Mr. Trump urged Speaker Paul D. Ryan this week not to support funding for the $30 billion project, two people familiar with the conversation said.
The president's decision to weigh in forcefully against the so-called Gateway infrastructure project, which has been one of the United States' top transportation priorities for years, adds a significant obstacle to getting the project underway in the near future.
Mr. Trump's opposition to the project is in part the result of his belief that it is important to Senator Chuck Schumer of New York, the Democratic leader, according to one person with knowledge of the president's thinking on the issue.
Mr. Trump has told Republicans that it makes no sense to give Mr. Schumer something that he covets — funding for the tunnels — at a time that Mr. Schumer is routinely blocking Mr. Trump's nominees and other parts of his agenda, the person said.
Mr. Schumer could not be reached for comment. News of the president's efforts was first reported by The Washington Post.
The Obama administration, which had ranked the Gateway project the country's No. 1 priority in transportation infrastructure, had informally agreed that the federal government would split the cost of the first phase of the project with New York and New Jersey. That phase was estimated to cost $11 billion, out of about $30 billion for the entire initiative.
Mr. Trump and Mr. Schumer have at times expressed a desire for their parties to work together on a broad effort to rebuild the country's crumbling infrastructure, though there has been little consensus on the details of the projects that would be included and how to pay for them.
In September, Mr. Schumer and Mr. Trump gathered at the White House with other officials — including senators and governors from the region and administration officials — in a meeting that participants described as a productive discussion about ways to make progress on the expensive transportation initiative.
But while both men are New Yorkers and have known each other for decades, they have also become fierce rivals in Washington since Mr. Trump took office last year. And efforts to reach deals on other issues, like immigration, have faltered amid partisan bickering and recrimination.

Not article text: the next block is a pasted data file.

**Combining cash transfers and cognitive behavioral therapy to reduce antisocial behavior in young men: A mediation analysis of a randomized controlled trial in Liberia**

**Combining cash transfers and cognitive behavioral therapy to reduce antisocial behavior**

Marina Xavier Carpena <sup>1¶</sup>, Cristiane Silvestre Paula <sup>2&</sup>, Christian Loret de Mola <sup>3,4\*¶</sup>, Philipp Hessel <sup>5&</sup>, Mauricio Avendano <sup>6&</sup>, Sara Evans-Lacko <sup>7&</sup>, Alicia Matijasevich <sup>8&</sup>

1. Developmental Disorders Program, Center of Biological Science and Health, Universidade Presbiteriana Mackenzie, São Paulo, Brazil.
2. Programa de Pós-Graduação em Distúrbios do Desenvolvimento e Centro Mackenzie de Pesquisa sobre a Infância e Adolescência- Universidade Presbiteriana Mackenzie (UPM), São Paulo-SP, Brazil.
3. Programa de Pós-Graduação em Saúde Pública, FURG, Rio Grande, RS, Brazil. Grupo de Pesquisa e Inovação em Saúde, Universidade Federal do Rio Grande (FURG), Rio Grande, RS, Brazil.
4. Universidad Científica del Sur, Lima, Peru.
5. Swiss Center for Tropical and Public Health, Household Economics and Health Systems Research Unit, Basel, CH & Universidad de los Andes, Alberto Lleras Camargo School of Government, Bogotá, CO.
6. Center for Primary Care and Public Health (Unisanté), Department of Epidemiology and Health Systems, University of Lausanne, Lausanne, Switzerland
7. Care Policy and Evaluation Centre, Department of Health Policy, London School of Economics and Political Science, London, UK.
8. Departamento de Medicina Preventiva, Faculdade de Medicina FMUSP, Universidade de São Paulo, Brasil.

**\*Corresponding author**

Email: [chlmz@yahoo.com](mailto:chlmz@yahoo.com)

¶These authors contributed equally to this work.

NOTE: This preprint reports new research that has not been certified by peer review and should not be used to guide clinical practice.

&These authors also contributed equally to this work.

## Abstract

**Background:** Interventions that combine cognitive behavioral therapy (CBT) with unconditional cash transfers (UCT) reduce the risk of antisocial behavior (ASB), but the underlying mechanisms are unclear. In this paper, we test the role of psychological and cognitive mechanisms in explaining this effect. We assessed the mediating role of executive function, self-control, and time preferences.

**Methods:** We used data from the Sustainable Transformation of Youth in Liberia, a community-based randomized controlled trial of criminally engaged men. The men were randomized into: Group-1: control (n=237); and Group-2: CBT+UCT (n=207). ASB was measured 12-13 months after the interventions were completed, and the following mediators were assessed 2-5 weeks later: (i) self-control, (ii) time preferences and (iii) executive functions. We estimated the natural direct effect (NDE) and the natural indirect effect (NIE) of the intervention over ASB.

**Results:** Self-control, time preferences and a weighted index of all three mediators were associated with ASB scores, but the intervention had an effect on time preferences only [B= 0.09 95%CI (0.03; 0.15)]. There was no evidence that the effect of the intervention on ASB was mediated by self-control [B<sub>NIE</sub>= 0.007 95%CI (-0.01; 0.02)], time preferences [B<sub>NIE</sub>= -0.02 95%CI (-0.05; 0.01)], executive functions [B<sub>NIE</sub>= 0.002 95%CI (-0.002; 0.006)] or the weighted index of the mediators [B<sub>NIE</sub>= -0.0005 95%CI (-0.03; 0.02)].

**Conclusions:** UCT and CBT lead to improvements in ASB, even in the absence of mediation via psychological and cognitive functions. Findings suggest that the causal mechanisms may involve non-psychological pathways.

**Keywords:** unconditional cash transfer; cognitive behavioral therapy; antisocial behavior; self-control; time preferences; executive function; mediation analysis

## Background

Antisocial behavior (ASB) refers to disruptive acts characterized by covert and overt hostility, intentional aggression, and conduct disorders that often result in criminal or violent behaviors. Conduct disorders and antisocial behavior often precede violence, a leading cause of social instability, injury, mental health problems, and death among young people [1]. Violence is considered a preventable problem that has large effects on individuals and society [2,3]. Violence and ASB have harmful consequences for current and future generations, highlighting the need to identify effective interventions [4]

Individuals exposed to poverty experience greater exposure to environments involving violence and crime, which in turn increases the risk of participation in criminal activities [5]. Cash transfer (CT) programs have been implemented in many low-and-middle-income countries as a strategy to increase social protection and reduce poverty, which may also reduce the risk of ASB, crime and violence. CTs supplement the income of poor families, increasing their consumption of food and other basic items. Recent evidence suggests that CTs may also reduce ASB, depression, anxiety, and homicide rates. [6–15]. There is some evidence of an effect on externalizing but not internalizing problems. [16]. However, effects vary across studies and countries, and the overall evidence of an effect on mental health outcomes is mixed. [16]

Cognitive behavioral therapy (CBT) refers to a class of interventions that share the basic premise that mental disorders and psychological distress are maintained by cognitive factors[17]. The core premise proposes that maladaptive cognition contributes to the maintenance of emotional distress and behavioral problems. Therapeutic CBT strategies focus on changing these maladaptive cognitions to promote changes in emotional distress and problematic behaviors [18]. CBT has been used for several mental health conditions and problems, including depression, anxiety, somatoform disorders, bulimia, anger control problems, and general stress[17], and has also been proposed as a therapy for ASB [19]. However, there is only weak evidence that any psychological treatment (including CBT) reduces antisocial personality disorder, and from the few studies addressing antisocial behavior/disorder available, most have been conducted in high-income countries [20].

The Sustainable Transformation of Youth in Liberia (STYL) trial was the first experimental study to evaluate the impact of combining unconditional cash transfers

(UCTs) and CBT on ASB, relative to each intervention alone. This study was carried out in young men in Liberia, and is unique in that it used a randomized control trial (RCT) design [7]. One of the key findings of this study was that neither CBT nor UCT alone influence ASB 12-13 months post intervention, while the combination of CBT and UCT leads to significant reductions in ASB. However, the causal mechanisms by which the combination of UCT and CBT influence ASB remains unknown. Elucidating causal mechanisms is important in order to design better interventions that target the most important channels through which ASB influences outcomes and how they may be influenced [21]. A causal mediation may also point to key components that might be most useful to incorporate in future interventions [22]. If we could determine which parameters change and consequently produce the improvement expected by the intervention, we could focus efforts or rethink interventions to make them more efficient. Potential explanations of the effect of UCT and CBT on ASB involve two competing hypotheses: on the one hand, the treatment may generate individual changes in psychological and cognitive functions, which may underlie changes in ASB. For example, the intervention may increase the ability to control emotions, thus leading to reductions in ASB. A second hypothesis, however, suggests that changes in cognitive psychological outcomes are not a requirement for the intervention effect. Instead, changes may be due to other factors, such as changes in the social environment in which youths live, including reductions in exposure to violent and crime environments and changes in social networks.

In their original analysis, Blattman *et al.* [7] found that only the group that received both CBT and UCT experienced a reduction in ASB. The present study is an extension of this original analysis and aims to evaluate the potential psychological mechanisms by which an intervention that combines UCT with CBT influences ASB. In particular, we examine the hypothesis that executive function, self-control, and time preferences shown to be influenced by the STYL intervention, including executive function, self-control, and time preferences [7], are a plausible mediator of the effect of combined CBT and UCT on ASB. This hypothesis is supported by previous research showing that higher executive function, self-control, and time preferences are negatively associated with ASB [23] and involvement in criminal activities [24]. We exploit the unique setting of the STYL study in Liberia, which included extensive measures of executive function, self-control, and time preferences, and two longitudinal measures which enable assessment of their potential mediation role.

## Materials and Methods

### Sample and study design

In recent days, Mr. Trump has grown increasingly angry about Democratic efforts in the Senate, led by Mr. Schumer, to block or delay his nominees to fill key government posts. This week, at the beginning of each news briefing, Sarah Huckabee Sanders, the White House press secretary, began highlighting examples of nominees who had been blocked.
On Thursday, she accused Democrats of blocking efforts to confirm Kevin McAleenan, the president's nominee to lead Customs and Border Protection.
If Mr. Trump succeeds in persuading Republicans to oppose funding the tunnel project, it would be a drastic reversal in fortunes for the region's politicians, who had secured commitments from the president's predecessors.
A spokesman for the Gateway Development Corporation declined on Friday to comment.
This is not the first time that Mr. Trump's administration has signaled that he may not support the Obama administration's agreement.
In December, the acting administrator of the Federal Transit Administration, K. Jane Williams, said in a letter to officials in New York and New Jersey that any such agreement was "nonexistent" and that she had serious concerns about the project.
Ms. Williams said the proposed funding plan would be "a move towards even greater federal dependency."
That response was seen in the New York area as a political maneuver, intended to rewind the negotiations between the federal government and the local sponsors. But it still deflated hopes that the project would maintain its momentum.
The project was meant to supplement the existing tunnels that carry trains under the Hudson River. Those tubes are more than 100 years old and in urgent need of an overhaul after filling with saltwater during Hurricane Sandy in 2012. Elected officials and Amtrak executives have warned that the loss of one of the existing tubes would reduce the capacity for trains between New York and New Jersey by 75 percent and cause chaos for commuters in the region.
In an interview this week, Rick Cotton, the executive director of the Port Authority of New York and New Jersey, called Gateway "the most pressing infrastructure project in the country at the moment."
He added that "any national infrastructure program worthy of the name could not possibly fail to provide significant funding for Gateway."
If it gets built, the project includes the replacement of a rail bridge in northern New Jersey that is a contemporary of the existing tunnels and improvements at Pennsylvania Station in Manhattan. Officials at Amtrak, which owns Penn Station and the existing tunnels, have been pressing for it for years since former Gov. Chris Christie of New Jersey canceled a different project, which was known as the ARC tunnel.
The ARC project, sponsored by New Jersey Transit, the state-run operator of commuter trains and buses, involved digging a new tunnel that would carry trains to a new station deep below 34th Street in Midtown Manhattan. Construction had already begun on that project when Mr. Christie, a Republican who endorsed Mr. Trump for president, halted it in 2010.
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